Beware of stingrays at the beach

Protect yourself from stingray injuries at Southern California beaches, especially Seal Beach

July 10, 2014
A stingray hiding in the sand at a Southern California beach

Truck driver Steve Edelman was playing with his 9-year-old son in waist-deep water at Seal Beach when he felt something squishy underfoot.

“Then I felt a knife-like pain,” he says. “I thought it was a shark. It was so intense it took my breath away.”

He hobbled out of the water hopping on one foot, his son trying to help support him. 

“I’m a pretty tough guy, but I was screaming and crying like a baby,” Edelman recalls.

The Garden Grove resident had just become a statistic at Ray Bay, a nickname given to Seal Beach by local residents.  The north Orange County town earned the moniker because of a preponderance of stingrays that live in its shoreline waters.

Throughout the world, stingrays — timid, shellfish-eating cousins of the shark — inflict excruciating injuries on thousands of swimmers and surfers annually.  They’re commonly found along the shoreline of most Southern California beaches.

When stepped on, or otherwise harassed, a stingray responds by whipping out its venomous stinger, a razor-sharp barb attached to the end of its tail.

One of the most common locations is Seal Beach, say local experts, who estimate that at least one-quarter of the stingray injuries that take place annually in the United States occur here.  That’s why Dr. Carl Schultz, a UC Irvine Health emergency medicine physician, is studying the phenomenon.  And it’s why he cautions those who venture into the water to tread with care.

“Seal Beach is the stingray capital of the world,” says Schultz, who is working on a stingray injuries research project with fellow UC Irvine Health emergency medicine physician Dr. Robert Katzer.  The two have been tracking stingray victims for two years; they’re working on a profile of the disease that’s caused by the stingray’s venom.  A couple of the questions they’re asking:  How long does the pain last? What are the best — or worst — long-range treatments?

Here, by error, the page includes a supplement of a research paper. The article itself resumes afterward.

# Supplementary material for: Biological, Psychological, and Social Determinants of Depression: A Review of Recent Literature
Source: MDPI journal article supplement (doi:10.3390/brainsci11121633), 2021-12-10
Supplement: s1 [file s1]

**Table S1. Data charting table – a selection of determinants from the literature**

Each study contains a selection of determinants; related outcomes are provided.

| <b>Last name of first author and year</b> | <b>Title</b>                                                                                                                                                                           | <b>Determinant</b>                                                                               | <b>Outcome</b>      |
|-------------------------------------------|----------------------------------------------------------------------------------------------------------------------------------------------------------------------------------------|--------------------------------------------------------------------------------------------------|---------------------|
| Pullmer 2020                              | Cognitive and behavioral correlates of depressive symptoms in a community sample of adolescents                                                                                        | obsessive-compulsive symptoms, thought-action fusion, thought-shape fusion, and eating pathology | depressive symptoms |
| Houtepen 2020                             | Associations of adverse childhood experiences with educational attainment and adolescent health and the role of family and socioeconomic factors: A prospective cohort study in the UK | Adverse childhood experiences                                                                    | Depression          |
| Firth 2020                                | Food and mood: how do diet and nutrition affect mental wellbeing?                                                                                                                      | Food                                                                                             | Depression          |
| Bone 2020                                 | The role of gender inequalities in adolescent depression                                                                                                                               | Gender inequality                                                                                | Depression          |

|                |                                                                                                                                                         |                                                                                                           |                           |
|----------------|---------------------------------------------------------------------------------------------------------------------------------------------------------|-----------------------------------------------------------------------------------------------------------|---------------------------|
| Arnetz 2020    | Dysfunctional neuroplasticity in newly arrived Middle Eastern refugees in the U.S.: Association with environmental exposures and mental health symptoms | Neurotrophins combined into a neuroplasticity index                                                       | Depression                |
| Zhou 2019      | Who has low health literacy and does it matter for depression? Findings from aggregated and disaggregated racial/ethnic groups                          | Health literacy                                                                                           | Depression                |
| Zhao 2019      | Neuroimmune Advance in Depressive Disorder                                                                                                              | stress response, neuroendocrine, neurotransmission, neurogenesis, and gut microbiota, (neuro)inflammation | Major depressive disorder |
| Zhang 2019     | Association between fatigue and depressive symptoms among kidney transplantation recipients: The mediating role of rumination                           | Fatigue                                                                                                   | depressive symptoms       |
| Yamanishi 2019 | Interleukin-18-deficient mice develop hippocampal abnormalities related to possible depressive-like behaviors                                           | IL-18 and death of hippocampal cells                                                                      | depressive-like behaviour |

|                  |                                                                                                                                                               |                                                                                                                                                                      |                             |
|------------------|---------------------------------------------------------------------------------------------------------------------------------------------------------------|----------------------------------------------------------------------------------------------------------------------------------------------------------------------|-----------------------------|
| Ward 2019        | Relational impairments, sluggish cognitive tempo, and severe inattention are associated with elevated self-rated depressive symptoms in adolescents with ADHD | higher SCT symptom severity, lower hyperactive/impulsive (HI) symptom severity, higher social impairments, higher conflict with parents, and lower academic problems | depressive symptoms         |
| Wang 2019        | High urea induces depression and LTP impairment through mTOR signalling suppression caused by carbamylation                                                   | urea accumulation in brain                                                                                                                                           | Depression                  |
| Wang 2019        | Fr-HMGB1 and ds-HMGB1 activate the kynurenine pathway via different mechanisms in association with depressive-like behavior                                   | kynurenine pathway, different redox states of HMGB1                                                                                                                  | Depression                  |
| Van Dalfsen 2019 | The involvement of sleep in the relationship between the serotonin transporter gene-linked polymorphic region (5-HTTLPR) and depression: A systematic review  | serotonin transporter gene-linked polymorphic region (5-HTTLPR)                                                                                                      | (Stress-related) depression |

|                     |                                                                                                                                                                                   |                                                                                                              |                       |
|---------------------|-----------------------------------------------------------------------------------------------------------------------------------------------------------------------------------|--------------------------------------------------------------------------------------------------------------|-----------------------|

Hot water is the best treatment immediately following a bite.  “As hot as you can stand without burning yourself,” Schultz says. 

At Seal Beach, lifeguards produce buckets of steaming water so that victims can soak their injuries, says Marine Safety Chief Joe Bailey, who has dealt with the local phenomenon for 26 years as a lifeguard.

“It’s usually a foot injury; people can’t see the stingray because it’s buried in the sand.  They step on it and the tail flips up and nails them,” Bailey says. 

Seal Beach lifeguards are trained to watch for people doing what they call the stingray hop.

“When we see someone hopping on one leg, we send the truck out to get them and bring them in so they can put their foot into a bucket of hot water. It breaks down the venom and reduces the pain.”

For the most part, victims don’t need to visit the emergency room, Schultz says, “unless the stingray nails an artery or a barb gets stuck.”

The best thing is to avoid becoming a victim in the first place, he says.

Bailey’s advice: Do the stingray shuffle when you’re in the water.  Keep your feet planted in the sand when you move them back and forth.  That gives the stingray a chance to get out of your way — and you a chance to move away quickly if your toe touches something squishy. 

Schultz agrees. "Other than the stingray shuffle, there's not much you can do."

A local surfer and musician, Gary Snow, has even written a song about it:

"Do the Stingray Shuffle. Do the Stingray Shuffle. If you’re gonna have fun, it’s rule number one."

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